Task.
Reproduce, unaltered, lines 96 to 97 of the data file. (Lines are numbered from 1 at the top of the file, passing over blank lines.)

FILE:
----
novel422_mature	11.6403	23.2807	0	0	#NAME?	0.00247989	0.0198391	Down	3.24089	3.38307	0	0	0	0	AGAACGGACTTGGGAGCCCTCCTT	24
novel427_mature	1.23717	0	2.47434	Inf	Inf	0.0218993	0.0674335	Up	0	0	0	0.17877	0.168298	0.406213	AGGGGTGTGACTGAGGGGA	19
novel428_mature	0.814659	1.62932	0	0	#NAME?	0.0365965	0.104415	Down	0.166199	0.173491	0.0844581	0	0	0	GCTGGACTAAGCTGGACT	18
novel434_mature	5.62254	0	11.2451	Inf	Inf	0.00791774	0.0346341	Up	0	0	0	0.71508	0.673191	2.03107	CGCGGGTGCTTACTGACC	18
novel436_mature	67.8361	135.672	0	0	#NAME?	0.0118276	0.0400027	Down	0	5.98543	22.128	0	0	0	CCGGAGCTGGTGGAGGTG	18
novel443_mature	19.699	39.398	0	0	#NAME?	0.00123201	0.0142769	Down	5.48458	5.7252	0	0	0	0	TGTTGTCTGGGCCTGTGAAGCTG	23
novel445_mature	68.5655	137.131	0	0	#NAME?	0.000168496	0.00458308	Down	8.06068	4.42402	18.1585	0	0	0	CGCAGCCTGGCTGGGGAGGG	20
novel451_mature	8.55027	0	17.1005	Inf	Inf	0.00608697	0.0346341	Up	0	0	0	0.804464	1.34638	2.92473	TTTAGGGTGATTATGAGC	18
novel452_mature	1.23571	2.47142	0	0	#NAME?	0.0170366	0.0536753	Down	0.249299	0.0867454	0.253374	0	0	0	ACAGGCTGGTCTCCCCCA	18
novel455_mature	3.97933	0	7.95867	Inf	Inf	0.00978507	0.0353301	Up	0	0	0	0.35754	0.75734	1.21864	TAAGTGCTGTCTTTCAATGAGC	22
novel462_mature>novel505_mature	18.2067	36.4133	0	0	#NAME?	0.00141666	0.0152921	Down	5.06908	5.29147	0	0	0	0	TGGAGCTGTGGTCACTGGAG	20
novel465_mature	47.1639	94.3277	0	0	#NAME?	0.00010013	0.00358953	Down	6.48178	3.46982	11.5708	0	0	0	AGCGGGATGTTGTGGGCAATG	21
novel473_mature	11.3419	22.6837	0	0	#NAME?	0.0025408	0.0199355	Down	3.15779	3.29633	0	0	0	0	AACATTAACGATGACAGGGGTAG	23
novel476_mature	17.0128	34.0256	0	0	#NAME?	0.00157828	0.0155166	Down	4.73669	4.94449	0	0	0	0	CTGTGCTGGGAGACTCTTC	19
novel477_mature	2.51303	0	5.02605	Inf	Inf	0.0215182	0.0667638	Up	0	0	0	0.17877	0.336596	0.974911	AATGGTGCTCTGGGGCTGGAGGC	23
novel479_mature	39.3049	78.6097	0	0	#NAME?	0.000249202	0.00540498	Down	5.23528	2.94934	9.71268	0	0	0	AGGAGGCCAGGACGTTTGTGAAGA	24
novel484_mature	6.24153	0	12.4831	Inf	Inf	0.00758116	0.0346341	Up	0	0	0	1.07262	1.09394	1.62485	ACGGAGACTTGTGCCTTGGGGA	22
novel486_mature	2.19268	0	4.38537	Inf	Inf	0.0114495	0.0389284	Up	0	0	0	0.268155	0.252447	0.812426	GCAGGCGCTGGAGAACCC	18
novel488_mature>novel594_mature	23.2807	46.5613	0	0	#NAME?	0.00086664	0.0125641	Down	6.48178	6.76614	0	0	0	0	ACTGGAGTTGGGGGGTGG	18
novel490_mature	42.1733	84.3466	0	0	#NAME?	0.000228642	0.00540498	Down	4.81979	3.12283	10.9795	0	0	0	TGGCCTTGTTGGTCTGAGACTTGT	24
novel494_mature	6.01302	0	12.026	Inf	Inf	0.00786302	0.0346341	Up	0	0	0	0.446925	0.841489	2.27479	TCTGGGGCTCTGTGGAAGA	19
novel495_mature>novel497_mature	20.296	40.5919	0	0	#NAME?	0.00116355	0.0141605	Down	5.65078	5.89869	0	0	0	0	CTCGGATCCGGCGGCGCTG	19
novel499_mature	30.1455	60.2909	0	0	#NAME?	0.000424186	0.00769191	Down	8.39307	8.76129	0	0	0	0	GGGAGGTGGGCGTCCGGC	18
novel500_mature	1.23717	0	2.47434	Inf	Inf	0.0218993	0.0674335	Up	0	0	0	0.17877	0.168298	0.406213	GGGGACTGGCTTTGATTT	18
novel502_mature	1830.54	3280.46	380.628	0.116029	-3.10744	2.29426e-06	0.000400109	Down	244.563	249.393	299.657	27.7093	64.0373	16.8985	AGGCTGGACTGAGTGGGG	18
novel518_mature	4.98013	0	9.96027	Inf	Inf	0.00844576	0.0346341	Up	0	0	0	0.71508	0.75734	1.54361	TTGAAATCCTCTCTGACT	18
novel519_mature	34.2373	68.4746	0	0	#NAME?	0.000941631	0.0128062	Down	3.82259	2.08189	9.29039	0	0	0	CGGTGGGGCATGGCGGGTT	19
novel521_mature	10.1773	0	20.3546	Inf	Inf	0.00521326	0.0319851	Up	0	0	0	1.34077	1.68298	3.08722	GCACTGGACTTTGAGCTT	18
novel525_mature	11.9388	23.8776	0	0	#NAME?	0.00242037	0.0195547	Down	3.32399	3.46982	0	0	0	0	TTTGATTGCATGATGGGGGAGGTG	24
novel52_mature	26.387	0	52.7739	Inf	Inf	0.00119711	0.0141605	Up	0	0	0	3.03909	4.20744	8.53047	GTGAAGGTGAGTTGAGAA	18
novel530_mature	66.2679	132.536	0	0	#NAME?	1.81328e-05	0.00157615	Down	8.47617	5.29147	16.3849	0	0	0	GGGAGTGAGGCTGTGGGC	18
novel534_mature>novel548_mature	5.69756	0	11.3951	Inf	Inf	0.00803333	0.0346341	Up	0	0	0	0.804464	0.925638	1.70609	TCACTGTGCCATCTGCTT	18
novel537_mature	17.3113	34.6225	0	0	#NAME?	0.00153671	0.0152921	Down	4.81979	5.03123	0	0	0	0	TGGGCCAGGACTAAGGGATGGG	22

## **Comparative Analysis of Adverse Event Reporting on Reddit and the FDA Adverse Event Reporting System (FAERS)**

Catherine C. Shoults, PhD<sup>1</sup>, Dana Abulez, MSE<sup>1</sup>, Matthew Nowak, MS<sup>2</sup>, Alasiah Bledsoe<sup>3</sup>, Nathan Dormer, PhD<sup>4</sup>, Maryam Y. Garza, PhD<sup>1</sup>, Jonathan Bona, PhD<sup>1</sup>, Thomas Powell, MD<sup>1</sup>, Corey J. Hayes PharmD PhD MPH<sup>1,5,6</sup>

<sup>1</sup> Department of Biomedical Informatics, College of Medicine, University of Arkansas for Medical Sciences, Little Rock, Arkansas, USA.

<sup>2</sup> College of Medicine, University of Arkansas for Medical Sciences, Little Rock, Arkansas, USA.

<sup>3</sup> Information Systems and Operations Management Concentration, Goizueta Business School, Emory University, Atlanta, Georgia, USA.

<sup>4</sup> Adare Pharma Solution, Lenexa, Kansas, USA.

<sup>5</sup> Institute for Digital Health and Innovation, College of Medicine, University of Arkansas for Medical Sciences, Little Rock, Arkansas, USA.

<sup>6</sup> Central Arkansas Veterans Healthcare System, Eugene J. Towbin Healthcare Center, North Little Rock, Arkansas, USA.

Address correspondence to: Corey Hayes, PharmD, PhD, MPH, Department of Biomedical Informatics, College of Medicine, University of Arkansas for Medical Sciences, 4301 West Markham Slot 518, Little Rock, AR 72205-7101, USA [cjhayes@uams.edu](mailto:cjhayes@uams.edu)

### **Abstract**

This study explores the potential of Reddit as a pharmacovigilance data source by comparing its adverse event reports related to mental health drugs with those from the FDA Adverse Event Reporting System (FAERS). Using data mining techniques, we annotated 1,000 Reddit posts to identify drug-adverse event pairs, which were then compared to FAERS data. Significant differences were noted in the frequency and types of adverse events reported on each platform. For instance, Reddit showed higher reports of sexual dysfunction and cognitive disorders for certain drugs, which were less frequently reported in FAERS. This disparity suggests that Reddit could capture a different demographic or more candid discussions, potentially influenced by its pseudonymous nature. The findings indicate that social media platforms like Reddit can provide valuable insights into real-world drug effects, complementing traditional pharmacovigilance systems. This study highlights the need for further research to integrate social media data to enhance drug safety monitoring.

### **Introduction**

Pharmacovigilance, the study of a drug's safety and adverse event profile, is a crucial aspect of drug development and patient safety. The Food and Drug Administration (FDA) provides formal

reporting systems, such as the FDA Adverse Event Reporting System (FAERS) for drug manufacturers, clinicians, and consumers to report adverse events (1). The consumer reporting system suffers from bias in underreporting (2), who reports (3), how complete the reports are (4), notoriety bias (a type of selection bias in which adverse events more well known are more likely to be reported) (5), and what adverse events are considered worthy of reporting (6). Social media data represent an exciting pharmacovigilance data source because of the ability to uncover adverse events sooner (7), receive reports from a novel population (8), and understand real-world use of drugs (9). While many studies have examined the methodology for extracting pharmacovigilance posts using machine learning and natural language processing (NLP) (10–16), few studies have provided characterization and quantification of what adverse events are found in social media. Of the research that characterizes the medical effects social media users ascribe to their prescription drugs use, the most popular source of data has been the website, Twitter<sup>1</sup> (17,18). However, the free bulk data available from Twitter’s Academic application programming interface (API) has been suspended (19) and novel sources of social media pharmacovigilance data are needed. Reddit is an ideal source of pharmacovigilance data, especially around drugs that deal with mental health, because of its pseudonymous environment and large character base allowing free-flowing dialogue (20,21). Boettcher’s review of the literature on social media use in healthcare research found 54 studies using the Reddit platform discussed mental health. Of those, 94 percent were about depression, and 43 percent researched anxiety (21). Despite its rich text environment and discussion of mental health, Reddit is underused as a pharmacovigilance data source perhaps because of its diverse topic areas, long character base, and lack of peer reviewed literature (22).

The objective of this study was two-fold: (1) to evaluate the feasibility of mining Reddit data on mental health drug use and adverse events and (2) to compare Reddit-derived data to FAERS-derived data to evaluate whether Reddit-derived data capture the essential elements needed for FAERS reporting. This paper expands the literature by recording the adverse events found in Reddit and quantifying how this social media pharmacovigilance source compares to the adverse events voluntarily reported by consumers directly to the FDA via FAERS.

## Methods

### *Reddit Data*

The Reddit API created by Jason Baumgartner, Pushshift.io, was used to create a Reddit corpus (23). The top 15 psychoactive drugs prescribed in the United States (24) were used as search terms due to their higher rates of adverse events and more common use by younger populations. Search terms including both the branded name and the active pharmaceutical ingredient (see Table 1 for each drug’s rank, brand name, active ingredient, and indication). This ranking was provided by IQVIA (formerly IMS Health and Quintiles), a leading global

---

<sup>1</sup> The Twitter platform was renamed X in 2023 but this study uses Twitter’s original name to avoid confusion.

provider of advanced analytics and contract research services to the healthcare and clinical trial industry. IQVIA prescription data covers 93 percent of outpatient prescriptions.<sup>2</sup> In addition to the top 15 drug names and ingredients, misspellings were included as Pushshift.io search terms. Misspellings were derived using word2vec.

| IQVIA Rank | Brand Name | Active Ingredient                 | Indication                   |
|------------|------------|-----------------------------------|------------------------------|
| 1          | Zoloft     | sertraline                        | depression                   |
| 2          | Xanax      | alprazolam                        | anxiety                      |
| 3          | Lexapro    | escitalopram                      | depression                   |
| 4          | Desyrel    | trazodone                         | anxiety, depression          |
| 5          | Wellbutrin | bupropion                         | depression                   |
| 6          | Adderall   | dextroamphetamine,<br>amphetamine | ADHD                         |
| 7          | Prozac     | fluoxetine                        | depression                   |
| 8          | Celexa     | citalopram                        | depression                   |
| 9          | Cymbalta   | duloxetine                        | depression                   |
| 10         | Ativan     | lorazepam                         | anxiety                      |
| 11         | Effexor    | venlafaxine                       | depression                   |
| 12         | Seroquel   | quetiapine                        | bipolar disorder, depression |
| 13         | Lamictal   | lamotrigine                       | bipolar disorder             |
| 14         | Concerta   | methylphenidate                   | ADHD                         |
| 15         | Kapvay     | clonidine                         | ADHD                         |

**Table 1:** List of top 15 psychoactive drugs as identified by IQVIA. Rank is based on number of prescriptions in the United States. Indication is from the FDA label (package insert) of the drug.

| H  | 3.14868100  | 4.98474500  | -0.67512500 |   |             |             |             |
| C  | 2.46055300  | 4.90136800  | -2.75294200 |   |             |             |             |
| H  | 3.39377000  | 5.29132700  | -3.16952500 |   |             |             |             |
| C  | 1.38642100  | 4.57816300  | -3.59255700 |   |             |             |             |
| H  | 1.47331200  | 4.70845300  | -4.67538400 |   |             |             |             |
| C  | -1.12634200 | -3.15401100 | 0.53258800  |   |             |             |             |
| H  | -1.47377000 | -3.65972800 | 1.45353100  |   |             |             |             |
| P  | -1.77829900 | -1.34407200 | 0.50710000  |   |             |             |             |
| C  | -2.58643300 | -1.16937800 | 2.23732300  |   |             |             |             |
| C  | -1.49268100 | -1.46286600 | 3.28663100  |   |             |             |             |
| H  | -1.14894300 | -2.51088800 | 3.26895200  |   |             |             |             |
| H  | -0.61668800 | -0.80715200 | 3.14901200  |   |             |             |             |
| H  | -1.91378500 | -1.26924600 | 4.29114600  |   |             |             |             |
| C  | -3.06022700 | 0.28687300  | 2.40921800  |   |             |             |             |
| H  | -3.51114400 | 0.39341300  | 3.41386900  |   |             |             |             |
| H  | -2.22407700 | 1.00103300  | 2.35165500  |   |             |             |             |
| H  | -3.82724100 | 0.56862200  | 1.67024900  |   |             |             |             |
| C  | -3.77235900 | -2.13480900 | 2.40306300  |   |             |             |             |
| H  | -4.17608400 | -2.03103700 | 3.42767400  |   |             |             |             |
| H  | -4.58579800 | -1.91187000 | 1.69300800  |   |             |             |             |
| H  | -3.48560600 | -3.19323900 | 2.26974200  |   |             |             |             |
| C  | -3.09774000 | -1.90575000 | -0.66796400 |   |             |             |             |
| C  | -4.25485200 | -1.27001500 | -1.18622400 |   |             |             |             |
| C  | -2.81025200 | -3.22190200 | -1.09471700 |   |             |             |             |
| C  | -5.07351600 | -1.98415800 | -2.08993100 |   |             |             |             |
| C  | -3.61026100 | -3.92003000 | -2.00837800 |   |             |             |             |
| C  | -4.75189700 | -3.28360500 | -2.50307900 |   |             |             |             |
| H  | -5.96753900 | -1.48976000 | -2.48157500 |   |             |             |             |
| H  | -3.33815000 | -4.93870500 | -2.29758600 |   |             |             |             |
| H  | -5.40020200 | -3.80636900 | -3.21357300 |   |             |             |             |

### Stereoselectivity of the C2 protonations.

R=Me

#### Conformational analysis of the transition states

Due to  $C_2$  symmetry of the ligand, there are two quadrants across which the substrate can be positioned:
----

| C  | -2.81025200 | -3.22190200 | -1.09471700 |   |             |             |             |
| C  | -5.07351600 | -1.98415800 | -2.08993100 |   |             |             |             |